A video of Shanghai deliverymen spending nights under Wuning Road Bridge recently went viral, highlighting the difficulties of the city’s food-distribution network during the coronavirus lockdown that began in late March.
Enforcing pandemic control and prevention measures while guaranteeing food supplies has proven a delicate balance for city authorities.
Under the lockdown, an estimated 90 percent of deliverymen are confined to their residential compounds, complicating the logistics of getting food to households in the same situation.
Among the mobile few are nearly 20,000 food and parcel delivery personnel allowed out of lockdown, Shanghai authorities said on April 22. Most are housed in hotel rooms booked by their employers. Some sleep rough.
The video of deliverymen sleeping under the bridge struck a chord with the public. One enthusiastic resident in Changning District ordered 150 bento boxes from a nearby convenience store and delivered them to the bridge site, according to shnews990.
And a company in the district converted one of its meeting rooms into a temporary lounge. Deliverymen who stay there purchased an electric hot pot and can now do some modest cooking.
Shanghai Daily talked with two deliverymen to find out how they were coping.
Xu Dawei spent four nights under Wuning Road Bridge until his employer, food delivery giant Meituan, lodged him in a hotel room near Shanghai Railway Station.
The 22-year-old came to Shanghai last month from Suqian in Jiangsu Province to work as a full-time deliveryman for Meituan. Before that, he had unsuccessfully tried to start a business.
“I chose to come to Shanghai as a deliveryman because it seemed like a job where the payoff was proportional to the reward, and there were more opportunities here. But I didn’t expect to be in this situation so soon after arriving.”
Unfamiliar with Shanghai and unaware at first that Meituan was providing hotel accommodation, Xu began work with only his cellphone, charging equipment and pandemic prevention materials provided by the company.
“I didn’t bring anything heavy,” he explained. “When I noticed some neighborhoods had cardboard boxes leftover from unloaded supplies, I thought I could use them as a mattress at night.”
When he got off work at midnight on his first day, he had to find a place to sleep. He remembered passing Wuning Road Bridge earlier and found a niche there to curl up in.
“There were more buildings around there,” he reasoned. “So I thought it might be warmer than other locations.”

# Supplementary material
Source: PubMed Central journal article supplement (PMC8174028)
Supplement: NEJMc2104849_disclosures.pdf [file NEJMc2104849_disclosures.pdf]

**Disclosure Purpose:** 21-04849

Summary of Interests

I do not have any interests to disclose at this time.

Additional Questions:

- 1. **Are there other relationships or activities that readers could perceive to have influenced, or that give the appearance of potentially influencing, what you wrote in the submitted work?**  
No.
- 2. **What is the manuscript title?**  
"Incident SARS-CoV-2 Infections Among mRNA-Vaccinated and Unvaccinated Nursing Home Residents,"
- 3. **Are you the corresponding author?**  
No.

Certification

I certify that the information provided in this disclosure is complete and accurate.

Sleeping under the bridge on cardboard, with his arm a pillow, lasted for several days. On April 5, his manager phoned him to ask about his welfare. When she learned Xu was sleeping rough, she booked him into a hotel. “Seeing a tidy room and recalling the cardboard box I had slept on for four days, I wanted to both laugh and cry,” he recalled.
With so many deliverymen off the job, Xu has a heavy workload. He often delivers 150 takeout orders a day and frequently works until 1am.
“And contrary to rumors online,” he said, “we don’t make tens of thousands of yuan a day in income. I’ve been earning around 800 or 900 yuan (US$123-138) per day lately — the normal range for deliverymen.”
Meituan said the company’s platform has 500 hotels, dormitories and other venues to accommodate deliverymen. All are vetted by authorities. For those unable to stay in a hotel, Meituan provides sleeping bags and tents.
Another deliveryman, Qu Rizhuo, who is in his 20s, hails from Shanxi Province and works for Ele.me. One of the first deliverymen to return to work after full lockdown, he has been staying in a Yangpu District hotel.
“Before we came to work, the manager had booked hotel rooms for us,” Qu explained. “The accommodation is good, but we find it hard to eat properly.”
Qu leaves the hotel at 7am and works until 11pm. He said it’s a relief that the platform no longer is terribly strict about meeting delivery times due to current circumstances. Customers are also very understanding when deliveries are late.
Qu said he is exhausted by the end of each day and doesn’t have enough food for himself. He’s been surviving on instant noodles.
“I buy 12 boxes of instant noodles at the hotel for nearly 100 yuan,” he said. “There isn’t anything else that I can get there.”
An Ele.me spokesperson said the platform has arranged with dozens of hotels to accommodate deliverymen for free during the lockdown. A 24-hour service line is available for deliverymen to get information on accommodation, nucleic acid testing and any other issues pertaining to their work and the lockdown.
Another popular e-commerce platform, Freshippo, recently announced a partnership with China’s online travel agency Fliggy and third-party hotel platforms to provide hundreds of rooms for deliverymen.
Meanwhile, Shanghai officials announced on April 22 that the city is promoting the construction of contemporary accommodation areas to improve deliverymen’s access to meals, showers, rest and nucleic acid testing. The city now has 143 such areas, 10 of them in Xuhui district, housing 800 deliverymen.
A poster at one of the areas thanked deliverymen for “connecting the city.”